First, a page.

• Simmers RN, Smith J, Shannon MF; et al. (1988). "Localization of the human G-CSF gene to the region of a breakpoint in the translocation typical of acute promyelocytic leukemia". Hum. Genet. 78 (2): 134–6. doi:10.1007/BF00278182. PMID 2448221.
  • Tweardy DJ, Cannizzaro LA, Palumbo AP; et al. (1988). "Molecular cloning and characterization of a cDNA for human granulocyte colony-stimulating factor (G-CSF) from a glioblastoma multiforme cell line and localization of the G-CSF gene to chromosome band 17q21". Oncogene Res. 1 (3): 209–20. PMID 2453015.
  • Tsuchiya M, Nomura H, Asano S; et al. (1987). "Characterization of recombinant human granulocyte-colony-stimulating factor produced in mouse cells". EMBO J. 6 (3): 611–6. PMID 3034599.
  • Nagata S, Tsuchiya M, Asano S; et al. (1986). "Molecular cloning and expression of cDNA for human granulocyte colony-stimulating factor". Nature. 319 (6052): 415–8. doi:10.1038/319415a0. PMID 3484805.
  • Devlin JJ, Devlin PE, Myambo K; et al. (1987). "Expression of granulocyte colony-stimulating factor by human cell lines". J. Leukoc. Biol. 41 (4): 302–6. PMID 3494801.
  • Kanda N, Fukushige S, Murotsu T; et al. (1987). "Human gene coding for granulocyte-colony stimulating factor is assigned to the q21-q22 region of chromosome 17". Somat. Cell Mol. Genet. 13 (6): 679–84. doi:10.1007/BF01534488. PMID 3499671.
  • Le Beau MM, Lemons RS, Carrino JJ; et al. (1988). "Chromosomal localization of the human G-CSF gene to 17q11 proximal to the breakpoint of the t(15;17) in acute promyelocytic leukemia". Leukemia. 1 (12): 795–9. PMID 3501046.
  • Zink T, Ross A, Lüers K; et al. (1994). "Structure and dynamics of the human granulocyte colony-stimulating factor determined by NMR spectroscopy. Loop mobility in a four-helix-bundle protein". Biochemistry. 33 (28): 8453–63. doi:10.1021/bi00194a009. PMID 7518249.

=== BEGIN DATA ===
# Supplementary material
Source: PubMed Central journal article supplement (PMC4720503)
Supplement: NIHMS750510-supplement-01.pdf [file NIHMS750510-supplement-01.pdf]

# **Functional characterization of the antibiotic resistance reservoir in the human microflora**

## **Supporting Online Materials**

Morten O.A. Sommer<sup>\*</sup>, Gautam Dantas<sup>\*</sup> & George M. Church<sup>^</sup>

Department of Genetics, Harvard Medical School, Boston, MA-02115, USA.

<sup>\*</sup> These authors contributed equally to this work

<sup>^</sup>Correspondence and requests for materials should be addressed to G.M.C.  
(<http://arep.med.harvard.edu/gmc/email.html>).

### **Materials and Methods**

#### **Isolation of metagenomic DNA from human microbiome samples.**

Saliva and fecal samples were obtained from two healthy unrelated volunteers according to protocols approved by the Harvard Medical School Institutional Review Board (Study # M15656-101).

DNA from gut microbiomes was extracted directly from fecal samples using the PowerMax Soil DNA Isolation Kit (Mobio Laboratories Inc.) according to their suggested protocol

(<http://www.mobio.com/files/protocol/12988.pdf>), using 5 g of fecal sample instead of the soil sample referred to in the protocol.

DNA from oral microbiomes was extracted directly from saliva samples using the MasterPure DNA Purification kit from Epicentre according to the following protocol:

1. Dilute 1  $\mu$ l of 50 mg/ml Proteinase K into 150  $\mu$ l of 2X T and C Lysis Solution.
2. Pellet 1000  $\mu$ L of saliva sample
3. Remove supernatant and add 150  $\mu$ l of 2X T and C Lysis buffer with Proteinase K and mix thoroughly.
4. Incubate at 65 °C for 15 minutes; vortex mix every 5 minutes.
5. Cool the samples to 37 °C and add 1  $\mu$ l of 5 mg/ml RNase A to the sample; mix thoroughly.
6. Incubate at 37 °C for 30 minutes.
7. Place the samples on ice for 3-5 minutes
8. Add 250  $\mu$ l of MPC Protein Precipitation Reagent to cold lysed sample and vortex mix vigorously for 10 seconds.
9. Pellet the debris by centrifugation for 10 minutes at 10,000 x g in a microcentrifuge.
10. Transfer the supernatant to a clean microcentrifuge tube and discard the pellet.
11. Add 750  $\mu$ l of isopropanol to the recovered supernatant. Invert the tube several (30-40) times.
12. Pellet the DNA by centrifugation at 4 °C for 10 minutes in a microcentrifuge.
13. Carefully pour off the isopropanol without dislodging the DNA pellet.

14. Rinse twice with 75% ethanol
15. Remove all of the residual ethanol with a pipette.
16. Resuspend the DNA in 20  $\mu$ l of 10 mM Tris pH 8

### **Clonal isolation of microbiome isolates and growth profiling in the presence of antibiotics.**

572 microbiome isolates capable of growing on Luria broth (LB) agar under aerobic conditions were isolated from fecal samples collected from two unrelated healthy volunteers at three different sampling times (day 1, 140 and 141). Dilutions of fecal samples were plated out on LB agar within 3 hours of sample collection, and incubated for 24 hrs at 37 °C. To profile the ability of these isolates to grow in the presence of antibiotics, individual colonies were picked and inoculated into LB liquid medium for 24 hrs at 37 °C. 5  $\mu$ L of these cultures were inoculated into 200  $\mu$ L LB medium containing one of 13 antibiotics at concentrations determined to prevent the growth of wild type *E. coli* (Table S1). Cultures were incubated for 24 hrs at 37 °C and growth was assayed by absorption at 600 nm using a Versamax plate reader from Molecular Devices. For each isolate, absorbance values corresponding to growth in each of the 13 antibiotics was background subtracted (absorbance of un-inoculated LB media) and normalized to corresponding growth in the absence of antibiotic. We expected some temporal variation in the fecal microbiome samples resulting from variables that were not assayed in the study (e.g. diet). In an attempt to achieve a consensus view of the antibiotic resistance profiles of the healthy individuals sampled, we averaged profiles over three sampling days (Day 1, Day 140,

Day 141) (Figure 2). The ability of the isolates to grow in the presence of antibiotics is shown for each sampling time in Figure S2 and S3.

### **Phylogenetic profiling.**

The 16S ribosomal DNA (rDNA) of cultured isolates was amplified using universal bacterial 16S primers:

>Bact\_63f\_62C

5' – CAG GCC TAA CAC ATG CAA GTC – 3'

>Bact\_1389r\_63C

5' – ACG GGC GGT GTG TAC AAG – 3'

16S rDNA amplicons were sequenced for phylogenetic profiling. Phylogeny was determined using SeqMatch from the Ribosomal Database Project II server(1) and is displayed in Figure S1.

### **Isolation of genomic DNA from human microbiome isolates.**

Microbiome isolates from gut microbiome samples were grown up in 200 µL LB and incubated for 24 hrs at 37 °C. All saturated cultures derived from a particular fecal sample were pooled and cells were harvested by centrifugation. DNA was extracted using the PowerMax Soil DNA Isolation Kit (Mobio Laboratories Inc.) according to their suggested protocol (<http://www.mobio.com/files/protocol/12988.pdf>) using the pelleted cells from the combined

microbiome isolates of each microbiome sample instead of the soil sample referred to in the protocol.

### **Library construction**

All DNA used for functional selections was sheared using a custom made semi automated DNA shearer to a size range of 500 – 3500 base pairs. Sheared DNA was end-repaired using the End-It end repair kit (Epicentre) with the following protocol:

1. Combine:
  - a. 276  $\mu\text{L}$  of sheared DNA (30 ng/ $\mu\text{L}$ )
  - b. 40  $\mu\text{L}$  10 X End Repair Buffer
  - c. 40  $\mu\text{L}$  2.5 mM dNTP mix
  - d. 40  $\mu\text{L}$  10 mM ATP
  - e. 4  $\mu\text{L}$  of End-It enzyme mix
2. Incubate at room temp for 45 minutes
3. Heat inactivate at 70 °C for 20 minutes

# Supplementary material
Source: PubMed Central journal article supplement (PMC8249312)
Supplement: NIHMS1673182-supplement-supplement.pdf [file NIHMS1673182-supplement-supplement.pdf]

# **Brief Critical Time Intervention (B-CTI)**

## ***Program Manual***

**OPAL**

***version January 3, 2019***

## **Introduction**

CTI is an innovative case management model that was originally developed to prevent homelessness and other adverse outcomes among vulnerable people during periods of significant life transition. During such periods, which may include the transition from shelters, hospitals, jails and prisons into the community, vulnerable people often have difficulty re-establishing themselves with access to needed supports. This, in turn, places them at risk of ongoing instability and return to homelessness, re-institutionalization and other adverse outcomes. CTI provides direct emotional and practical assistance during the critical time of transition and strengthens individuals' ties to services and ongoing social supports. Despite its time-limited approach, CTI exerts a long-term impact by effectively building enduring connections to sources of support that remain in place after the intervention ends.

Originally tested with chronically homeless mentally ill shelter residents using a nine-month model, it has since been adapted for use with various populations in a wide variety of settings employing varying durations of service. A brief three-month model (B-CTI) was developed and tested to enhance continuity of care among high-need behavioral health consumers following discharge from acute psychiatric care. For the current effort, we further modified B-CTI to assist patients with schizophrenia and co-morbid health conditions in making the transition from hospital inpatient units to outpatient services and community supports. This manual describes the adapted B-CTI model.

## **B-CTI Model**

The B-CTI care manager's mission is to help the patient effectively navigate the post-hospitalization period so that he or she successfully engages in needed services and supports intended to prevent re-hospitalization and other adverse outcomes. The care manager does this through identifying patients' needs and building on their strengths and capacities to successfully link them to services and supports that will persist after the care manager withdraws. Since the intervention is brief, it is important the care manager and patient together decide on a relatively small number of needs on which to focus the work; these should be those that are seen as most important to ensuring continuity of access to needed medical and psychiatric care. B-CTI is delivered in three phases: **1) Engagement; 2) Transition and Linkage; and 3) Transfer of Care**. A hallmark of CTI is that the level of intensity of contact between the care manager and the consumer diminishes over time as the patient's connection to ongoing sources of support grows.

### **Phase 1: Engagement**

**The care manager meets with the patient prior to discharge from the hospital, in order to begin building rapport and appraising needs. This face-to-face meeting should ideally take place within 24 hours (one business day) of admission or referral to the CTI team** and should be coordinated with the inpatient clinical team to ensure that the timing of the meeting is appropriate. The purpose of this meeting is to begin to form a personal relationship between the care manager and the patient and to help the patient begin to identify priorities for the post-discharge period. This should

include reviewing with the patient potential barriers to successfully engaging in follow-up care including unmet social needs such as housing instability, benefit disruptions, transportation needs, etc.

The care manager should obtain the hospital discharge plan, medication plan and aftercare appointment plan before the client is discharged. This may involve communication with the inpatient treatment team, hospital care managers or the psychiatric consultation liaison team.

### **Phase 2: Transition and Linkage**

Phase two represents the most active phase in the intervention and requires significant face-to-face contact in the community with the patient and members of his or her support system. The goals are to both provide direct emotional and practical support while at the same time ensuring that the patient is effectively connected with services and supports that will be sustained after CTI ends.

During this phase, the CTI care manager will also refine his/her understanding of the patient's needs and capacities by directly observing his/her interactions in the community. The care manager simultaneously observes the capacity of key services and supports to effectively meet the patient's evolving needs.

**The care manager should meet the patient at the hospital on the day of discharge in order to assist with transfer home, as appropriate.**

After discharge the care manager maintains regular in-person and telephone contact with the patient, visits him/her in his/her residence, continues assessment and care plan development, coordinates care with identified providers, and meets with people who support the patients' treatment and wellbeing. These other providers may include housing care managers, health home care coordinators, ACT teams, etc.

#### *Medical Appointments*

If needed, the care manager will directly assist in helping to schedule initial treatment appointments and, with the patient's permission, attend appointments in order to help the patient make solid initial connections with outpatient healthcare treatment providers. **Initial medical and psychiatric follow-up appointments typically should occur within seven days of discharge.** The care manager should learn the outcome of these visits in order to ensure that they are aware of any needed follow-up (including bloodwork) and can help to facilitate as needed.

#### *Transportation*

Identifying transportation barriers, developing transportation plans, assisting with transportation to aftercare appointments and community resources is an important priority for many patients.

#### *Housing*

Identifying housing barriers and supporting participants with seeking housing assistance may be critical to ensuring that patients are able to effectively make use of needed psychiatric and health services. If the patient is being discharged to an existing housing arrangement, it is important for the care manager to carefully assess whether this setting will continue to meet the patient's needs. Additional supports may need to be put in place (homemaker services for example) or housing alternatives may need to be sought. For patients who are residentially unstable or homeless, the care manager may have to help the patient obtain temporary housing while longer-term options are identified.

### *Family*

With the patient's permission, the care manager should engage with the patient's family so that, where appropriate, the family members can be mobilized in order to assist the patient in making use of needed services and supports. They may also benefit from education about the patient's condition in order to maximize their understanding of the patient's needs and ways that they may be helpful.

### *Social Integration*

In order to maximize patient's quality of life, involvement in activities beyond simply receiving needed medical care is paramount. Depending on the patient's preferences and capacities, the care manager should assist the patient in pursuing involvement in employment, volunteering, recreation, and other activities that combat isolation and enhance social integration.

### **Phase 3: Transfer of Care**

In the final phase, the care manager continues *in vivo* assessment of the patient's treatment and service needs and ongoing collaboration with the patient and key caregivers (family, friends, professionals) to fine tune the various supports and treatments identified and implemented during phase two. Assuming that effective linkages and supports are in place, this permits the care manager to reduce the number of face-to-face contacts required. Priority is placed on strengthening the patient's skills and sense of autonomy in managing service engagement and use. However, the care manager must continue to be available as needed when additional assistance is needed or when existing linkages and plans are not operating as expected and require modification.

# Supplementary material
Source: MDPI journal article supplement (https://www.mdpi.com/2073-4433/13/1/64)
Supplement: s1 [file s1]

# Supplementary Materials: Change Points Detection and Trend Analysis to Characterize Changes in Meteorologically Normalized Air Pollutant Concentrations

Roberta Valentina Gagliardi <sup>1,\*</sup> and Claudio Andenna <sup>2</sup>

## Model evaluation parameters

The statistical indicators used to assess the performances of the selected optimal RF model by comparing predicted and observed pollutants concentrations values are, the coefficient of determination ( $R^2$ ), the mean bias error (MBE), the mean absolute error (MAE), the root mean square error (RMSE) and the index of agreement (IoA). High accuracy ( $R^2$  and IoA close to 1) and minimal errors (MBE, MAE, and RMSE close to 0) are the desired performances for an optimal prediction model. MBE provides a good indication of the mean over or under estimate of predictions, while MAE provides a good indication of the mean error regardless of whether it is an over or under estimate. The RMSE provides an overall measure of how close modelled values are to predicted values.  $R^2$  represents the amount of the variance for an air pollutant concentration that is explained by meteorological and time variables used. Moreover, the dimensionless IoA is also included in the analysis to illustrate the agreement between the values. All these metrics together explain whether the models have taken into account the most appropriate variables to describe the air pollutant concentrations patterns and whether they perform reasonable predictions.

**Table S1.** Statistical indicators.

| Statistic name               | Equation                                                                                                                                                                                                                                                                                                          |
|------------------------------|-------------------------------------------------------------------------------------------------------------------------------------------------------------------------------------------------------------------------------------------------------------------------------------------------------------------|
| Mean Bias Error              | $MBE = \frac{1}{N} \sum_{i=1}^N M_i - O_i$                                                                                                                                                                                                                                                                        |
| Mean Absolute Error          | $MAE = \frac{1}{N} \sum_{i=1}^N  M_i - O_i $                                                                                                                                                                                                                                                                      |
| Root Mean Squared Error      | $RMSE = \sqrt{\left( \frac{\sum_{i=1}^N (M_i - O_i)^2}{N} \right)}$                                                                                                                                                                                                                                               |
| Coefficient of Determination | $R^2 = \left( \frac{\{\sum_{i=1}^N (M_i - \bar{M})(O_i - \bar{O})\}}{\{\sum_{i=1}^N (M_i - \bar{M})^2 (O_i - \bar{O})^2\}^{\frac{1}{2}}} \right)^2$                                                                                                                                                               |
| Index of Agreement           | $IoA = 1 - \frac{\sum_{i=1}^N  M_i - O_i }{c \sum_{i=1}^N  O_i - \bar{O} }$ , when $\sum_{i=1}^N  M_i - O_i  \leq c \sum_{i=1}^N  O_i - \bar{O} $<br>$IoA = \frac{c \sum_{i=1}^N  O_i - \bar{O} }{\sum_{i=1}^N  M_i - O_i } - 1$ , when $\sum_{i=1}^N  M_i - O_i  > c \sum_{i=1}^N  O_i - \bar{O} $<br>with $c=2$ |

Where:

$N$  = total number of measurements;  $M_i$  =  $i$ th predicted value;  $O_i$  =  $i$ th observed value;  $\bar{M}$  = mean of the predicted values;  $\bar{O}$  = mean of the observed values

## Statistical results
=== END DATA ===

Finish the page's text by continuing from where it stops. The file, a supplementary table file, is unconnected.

• Corcione A, Baldi L, Zupo S; et al. (1994). "Spontaneous production of granulocyte colony-stimulating factor in vitro by human B-lineage lymphocytes is a distinctive marker of germinal center cells". J. Immunol. 153 (7): 2868–77. PMID 7522243.
  • Watari K, Ozawa K, Tajika K; et al. (1994). "Production of human granulocyte colony stimulating factor by various kinds of stromal cells in vitro detected by enzyme immunoassay and in situ hybridization". Stem Cells. 12 (4): 416–23. PMID 7524894.
  • Hill CP, Osslund TD, Eisenberg D (1993). "The structure of granulocyte-colony-stimulating factor and its relationship to other growth factors". Proc. Natl. Acad. Sci. U.S.A. 90 (11): 5167–71. doi:10.1073/pnas.90.11.5167. PMID 7685117.
  • Haniu M, Horan T, Arakawa T; et al. (1996). "Extracellular domain of granulocyte-colony stimulating factor receptor. Interaction with its ligand and identification of a domain in close proximity of ligand-binding region". Arch. Biochem. Biophys. 324 (2): 344–56. doi:10.1006/abbi.1995.0047. PMID 8554326.
  • McCracken S, Layton JE, Shorter SC; et al. (1996). "Expression of granulocyte-colony stimulating factor and its receptor is regulated during the development of the human placenta". J. Endocrinol. 149 (2): 249–58. doi:10.1677/joe.0.1490249. PMID 8708536.